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Open letter to CT Legislators

With four weeks to go in the legislative session, its time for the technology community to make the case for the bill (Substitute SB 1) that will help support the creation of a true innovation environment for Connecticut.  The lobbying sprint to the end of the session is not for the faint of heart. Here’s what I might say to our state leaders to make our case…

Dear Governor Rell, House Speaker Amann and Senate President Williams:

You are three gifted, articulate, experienced people who love this state. How will you balance what’s best for the state with what may seem to be the best in the minds of the voters next November? The technology and innovation community would urge you to invest as much as you can in the long-term to promote the type of growth that will increase our total future state wealth.

Connecticut is like much of America, we are caught in an economic development cycle of short-term gratification that shortchanges long-term growth.  And before we blame this on our political leaders, let’s admit that the fault probably lies more with us, your constituents. Watching the news from France – where riots have greeted a few necessary changes proposed to deal with economic realities – we can get a glimpse of what can happen when leaders act like leaders. It isn’t very pretty. So we sympathize with your situation.

Our public policies seem to revolve around a few basic formulas. Costs of providing services at the state and local level go up every year. However, unlike most states where these costs are spread out over new people who have moved in since the last budget, in Connecticut we have about the same number of people as last year.

In North Carolina you may have a next door neighbor who moves in from Pittsburgh into a new house in a new subdivision and picks up a share of the cost of the new teacher salaries and the widened country road. They pay new income taxes, new property taxes, new utility taxes and the list goes on. Not here. Our taxes go up because we’re the only ones around to pay. And, because there is a housing shortage here that drives up property values without substantial new demand (a future column, no doubt).

So I get hit with a bigger tax bill, and that’s just to cover the costs of keeping everything pretty much the same. In North Carolina things are new – and somebody else is paying. There is an implicit and inexorable tax on not having population growth, not the other way around.

At the same time we are a rich state, with many people making great incomes. It offends many of us that we can’t take some of that wealth and fix the stark contrast between the rich and the poor.  How can so many of our children lack basic necessities and good schools? This is so unfair, let’s try to fix the problem now. For others, the memory of our grand industrial past is so compelling that we try to mandate the kind of salaries and benefits that once defined Connecticut’s economy as one of the best in the world from the 1950’s through 1980’s.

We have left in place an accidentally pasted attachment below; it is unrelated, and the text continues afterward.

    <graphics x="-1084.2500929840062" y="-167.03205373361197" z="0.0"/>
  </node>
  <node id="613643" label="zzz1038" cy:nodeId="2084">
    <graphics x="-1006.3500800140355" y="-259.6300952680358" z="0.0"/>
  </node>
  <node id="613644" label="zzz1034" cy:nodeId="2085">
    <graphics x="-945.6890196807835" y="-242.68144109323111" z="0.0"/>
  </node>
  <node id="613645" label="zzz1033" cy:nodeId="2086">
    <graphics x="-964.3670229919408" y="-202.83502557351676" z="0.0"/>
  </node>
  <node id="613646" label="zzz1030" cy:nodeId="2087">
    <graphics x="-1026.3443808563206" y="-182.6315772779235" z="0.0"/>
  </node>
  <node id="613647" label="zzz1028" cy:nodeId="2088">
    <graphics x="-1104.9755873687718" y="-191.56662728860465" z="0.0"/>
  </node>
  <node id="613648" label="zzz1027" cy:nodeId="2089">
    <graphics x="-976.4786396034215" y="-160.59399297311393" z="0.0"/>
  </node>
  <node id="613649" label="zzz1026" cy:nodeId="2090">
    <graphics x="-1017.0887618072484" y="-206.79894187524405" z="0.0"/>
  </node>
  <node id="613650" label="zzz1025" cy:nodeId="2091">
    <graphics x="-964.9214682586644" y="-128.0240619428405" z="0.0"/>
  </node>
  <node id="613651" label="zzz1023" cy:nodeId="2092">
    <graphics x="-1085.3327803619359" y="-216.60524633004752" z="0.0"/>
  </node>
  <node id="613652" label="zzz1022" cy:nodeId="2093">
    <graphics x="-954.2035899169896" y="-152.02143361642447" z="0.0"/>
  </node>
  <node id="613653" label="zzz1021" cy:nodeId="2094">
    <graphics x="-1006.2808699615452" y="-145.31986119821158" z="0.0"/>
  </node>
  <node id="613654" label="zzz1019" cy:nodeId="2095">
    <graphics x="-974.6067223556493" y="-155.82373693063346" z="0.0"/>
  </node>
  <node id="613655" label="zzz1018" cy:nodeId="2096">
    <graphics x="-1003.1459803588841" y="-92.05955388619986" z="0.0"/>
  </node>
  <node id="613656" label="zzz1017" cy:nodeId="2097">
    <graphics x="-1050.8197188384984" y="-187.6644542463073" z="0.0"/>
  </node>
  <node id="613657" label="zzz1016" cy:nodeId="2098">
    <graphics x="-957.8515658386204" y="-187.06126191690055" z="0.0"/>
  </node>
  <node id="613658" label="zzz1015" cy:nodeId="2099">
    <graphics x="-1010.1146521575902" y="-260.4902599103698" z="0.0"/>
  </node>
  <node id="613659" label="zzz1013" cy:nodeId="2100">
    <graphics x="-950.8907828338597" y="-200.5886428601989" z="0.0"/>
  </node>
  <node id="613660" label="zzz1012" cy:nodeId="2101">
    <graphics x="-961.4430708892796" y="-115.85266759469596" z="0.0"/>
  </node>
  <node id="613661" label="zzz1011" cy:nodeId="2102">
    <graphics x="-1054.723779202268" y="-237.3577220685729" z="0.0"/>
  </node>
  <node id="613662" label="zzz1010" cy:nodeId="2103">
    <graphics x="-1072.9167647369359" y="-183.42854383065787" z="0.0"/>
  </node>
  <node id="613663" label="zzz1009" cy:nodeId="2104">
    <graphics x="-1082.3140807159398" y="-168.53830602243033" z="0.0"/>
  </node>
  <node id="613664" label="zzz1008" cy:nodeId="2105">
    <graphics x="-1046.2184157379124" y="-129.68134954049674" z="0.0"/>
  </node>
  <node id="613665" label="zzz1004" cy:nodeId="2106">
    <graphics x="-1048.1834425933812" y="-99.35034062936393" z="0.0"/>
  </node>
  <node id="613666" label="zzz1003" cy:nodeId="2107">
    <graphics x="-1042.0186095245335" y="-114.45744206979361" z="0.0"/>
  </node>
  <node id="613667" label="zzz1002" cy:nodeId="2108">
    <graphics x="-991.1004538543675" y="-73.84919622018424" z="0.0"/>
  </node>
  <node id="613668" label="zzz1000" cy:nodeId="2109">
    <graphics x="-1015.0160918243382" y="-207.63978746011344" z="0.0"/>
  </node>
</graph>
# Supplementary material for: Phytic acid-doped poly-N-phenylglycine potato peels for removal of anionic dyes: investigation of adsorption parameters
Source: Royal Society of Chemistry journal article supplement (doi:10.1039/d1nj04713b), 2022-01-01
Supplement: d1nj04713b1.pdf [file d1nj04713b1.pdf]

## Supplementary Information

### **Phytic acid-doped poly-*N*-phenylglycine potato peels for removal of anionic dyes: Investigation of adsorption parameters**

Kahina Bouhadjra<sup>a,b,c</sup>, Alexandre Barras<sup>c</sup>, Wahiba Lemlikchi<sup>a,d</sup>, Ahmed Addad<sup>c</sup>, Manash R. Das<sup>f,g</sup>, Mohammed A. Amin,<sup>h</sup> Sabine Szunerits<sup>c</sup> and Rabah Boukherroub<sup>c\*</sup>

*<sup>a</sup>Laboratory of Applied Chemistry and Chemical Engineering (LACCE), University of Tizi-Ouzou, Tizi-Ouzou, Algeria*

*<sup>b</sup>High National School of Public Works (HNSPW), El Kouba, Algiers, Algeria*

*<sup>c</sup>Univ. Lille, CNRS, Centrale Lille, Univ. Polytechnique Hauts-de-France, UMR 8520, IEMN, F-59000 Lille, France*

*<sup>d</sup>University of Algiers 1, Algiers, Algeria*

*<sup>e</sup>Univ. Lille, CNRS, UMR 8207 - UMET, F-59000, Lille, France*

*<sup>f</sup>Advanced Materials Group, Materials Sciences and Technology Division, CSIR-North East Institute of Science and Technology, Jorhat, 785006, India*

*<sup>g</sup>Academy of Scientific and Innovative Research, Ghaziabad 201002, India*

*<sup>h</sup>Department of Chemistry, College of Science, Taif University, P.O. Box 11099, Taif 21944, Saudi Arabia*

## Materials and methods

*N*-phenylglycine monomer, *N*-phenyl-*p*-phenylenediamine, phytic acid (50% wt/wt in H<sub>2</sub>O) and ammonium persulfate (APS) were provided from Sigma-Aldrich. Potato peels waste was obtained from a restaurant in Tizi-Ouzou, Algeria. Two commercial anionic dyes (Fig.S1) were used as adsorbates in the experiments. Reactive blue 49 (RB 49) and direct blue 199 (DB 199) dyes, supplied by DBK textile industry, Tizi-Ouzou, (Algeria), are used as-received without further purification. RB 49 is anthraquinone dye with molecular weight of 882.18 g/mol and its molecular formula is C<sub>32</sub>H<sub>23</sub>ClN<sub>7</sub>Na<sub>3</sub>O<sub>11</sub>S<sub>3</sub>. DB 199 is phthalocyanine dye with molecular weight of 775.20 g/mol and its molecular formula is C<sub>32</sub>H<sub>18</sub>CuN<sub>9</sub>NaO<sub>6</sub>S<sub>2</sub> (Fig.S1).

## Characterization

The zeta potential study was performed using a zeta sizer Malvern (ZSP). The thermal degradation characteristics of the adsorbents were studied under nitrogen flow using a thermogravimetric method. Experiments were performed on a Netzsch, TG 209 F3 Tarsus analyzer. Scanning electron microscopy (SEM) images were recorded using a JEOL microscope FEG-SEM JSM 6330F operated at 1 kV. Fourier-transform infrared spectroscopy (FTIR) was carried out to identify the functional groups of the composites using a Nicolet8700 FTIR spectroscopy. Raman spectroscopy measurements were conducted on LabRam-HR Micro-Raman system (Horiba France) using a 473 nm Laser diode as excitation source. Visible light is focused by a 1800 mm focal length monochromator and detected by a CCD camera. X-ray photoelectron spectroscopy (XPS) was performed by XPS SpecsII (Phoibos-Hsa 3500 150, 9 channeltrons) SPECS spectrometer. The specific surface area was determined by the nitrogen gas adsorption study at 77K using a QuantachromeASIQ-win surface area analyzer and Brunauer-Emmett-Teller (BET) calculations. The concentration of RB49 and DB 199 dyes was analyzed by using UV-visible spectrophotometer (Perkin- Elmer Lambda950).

And then there are the rest of us who simply look at our property tax bills and shudder, wondering who is mismanaging things and demanding lower taxes.

So the debate always tends to come down to a jousting match between fairness, mandates and tax relief.

Without changing the reality of your world, we want to change the debate a bit to one about where we are going as a state – not where we are – and how to plant seeds for future wealth instead of focusing on preserving and redistributing.  The downside – think of those French rioters – is that this may mean we cannot address the tax questions or the fairness questions until we have a better handle on what kind of growth we want.

Without a desire to increase our population, we need to advocate for the creation of a vibrant, innovation based economy creating even higher value jobs for the people who are here. The model economies of Singapore and Finland come to mind. If we don’t want more people, we have to make sure that every budget decision makes us more competitive and attracts the ingredients that build an innovation environment. Click here to check out some past columns for thoughts about what these are.

Yes, Connecticut has chosen a harder road than others. It is easier to simply open the door to more people than trying to fine tune every institution and system to develop more great jobs. Some places like central Florida are beginning to get a handle on how to do both.

We are clearly positioning ourselves at one extreme in the people versus value debate.  That’s okay if we admit it and gear our strategies and budget to this reality. Even if we struggle to achieve this, at least we will have given it our best shot.

So this leads to the point of this letter, please support Senate Bill S.B. No. 1 AN ACT CONCERNING JOBS FOR THE 21ST CENTURY.  Yes, it’s a lot of money, over $150 million, with some of it spread out over five years. But in the grand scheme of things, it’s a bargain because it will give us some of the tools and the forum to talk about the future.  It is time to discuss what growth means for us, and to tell the world that we are getting serious about attracting and producing innovation here.

The three of you get it. We hear that in things you’ve done and said in the past few months. So the question is: how can we, the community that will help drive growth and the creation of new wealth, help you gain support for a long term strategy for state growth?

For this year, we have a few weeks remaining to find the answer.

Matthew Nemerson President & CEO Connecticut Technology Council

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